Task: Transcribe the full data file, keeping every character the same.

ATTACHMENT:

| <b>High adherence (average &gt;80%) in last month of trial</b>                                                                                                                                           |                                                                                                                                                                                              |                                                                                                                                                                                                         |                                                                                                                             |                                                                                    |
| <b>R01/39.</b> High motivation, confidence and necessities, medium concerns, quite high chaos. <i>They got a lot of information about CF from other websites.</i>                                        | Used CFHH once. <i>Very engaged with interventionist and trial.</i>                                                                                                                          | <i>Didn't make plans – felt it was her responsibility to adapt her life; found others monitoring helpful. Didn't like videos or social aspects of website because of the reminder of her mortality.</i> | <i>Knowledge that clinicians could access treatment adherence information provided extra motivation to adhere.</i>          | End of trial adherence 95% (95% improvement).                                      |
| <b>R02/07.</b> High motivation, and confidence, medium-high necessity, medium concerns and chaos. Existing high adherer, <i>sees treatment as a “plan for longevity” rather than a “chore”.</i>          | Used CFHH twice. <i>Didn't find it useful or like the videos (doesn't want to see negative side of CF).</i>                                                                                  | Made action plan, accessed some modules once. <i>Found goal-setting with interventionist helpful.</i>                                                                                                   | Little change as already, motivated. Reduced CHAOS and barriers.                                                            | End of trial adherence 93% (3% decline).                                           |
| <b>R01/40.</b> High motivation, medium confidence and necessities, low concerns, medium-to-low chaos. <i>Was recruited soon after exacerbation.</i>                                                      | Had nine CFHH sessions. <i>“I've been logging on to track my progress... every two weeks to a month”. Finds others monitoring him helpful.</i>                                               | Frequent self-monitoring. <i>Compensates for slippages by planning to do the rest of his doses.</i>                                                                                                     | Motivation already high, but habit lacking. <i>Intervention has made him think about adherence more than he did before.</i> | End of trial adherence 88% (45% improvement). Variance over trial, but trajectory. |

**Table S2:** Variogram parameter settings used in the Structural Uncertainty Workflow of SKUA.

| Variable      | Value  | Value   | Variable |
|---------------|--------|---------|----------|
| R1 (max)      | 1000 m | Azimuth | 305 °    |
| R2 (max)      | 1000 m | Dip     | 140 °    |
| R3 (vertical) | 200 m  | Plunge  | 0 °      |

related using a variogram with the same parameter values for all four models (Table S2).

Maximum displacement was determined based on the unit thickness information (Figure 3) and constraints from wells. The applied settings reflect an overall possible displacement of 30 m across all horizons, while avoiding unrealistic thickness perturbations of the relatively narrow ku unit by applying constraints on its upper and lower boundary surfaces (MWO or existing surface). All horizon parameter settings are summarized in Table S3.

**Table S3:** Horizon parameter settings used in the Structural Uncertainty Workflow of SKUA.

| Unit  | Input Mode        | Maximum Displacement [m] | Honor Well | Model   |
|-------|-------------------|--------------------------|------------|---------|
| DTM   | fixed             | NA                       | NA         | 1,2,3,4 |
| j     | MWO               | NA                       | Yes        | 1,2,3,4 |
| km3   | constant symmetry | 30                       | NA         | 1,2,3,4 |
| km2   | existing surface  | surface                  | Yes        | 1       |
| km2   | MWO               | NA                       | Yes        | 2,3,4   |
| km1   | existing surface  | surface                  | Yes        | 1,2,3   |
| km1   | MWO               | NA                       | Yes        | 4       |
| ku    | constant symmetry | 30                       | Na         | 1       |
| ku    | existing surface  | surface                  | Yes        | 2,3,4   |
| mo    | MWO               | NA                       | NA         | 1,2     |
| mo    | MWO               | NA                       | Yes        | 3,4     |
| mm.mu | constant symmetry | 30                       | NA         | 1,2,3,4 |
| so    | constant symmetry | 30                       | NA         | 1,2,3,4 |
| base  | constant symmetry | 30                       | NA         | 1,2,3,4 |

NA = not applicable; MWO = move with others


| <b>High adherence (average &gt;80%) in last month of trial</b>                                                                                                                                           |                                                                                                                                                                                              |                                                                                                                                                                                                         |                                                                                                                             |                                                                                    |
| <b>R01/39.</b> High motivation, confidence and necessities, medium concerns, quite high chaos. <i>They got a lot of information about CF from other websites.</i>                                        | Used CFHH once. <i>Very engaged with interventionist and trial.</i>                                                                                                                          | <i>Didn't make plans – felt it was her responsibility to adapt her life; found others monitoring helpful. Didn't like videos or social aspects of website because of the reminder of her mortality.</i> | <i>Knowledge that clinicians could access treatment adherence information provided extra motivation to adhere.</i>          | End of trial adherence 95% (95% improvement).                                      |
| <b>R02/07.</b> High motivation, and confidence, medium-high necessity, medium concerns and chaos. Existing high adherer, <i>sees treatment as a “plan for longevity” rather than a “chore”.</i>          | Used CFHH twice. <i>Didn't find it useful or like the videos (doesn't want to see negative side of CF).</i>                                                                                  | Made action plan, accessed some modules once. <i>Found goal-setting with interventionist helpful.</i>                                                                                                   | Little change as already, motivated. Reduced CHAOS and barriers.                                                            | End of trial adherence 93% (3% decline).                                           |
| <b>R01/40.</b> High motivation, medium confidence and necessities, low concerns, medium-to-low chaos. <i>Was recruited soon after exacerbation.</i>                                                      | Had nine CFHH sessions. <i>“I've been logging on to track my progress... every two weeks to a month”. Finds others monitoring him helpful.</i>                                               | Frequent self-monitoring. <i>Compensates for slippages by planning to do the rest of his doses.</i>                                                                                                     | Motivation already high, but habit lacking. <i>Intervention has made him think about adherence more than he did before.</i> | End of trial adherence 88% (45% improvement). Variance over trial, but trajectory. |

**Table S2:** Variogram parameter settings used in the Structural Uncertainty Workflow of SKUA.

| Variable      | Value  | Value   | Variable |
|---------------|--------|---------|----------|
| R1 (max)      | 1000 m | Azimuth | 305 °    |
| R2 (max)      | 1000 m | Dip     | 140 °    |
| R3 (vertical) | 200 m  | Plunge  | 0 °      |

related using a variogram with the same parameter values for all four models (Table S2).

Maximum displacement was determined based on the unit thickness information (Figure 3) and constraints from wells. The applied settings reflect an overall possible displacement of 30 m across all horizons, while avoiding unrealistic thickness perturbations of the relatively narrow ku unit by applying constraints on its upper and lower boundary surfaces (MWO or existing surface). All horizon parameter settings are summarized in Table S3.

**Table S3:** Horizon parameter settings used in the Structural Uncertainty Workflow of SKUA.

| Unit  | Input Mode        | Maximum Displacement [m] | Honor Well | Model   |
|-------|-------------------|--------------------------|------------|---------|
| DTM   | fixed             | NA                       | NA         | 1,2,3,4 |
| j     | MWO               | NA                       | Yes        | 1,2,3,4 |
| km3   | constant symmetry | 30                       | NA         | 1,2,3,4 |
| km2   | existing surface  | surface                  | Yes        | 1       |
| km2   | MWO               | NA                       | Yes        | 2,3,4   |
| km1   | existing surface  | surface                  | Yes        | 1,2,3   |
| km1   | MWO               | NA                       | Yes        | 4       |
| ku    | constant symmetry | 30                       | Na         | 1       |
| ku    | existing surface  | surface                  | Yes        | 2,3,4   |
| mo    | MWO               | NA                       | NA         | 1,2     |
| mo    | MWO               | NA                       | Yes        | 3,4     |
| mm.mu | constant symmetry | 30                       | NA         | 1,2,3,4 |
| so    | constant symmetry | 30                       | NA         | 1,2,3,4 |
| base  | constant symmetry | 30                       | NA         | 1,2,3,4 |

NA = not applicable; MWO = move with others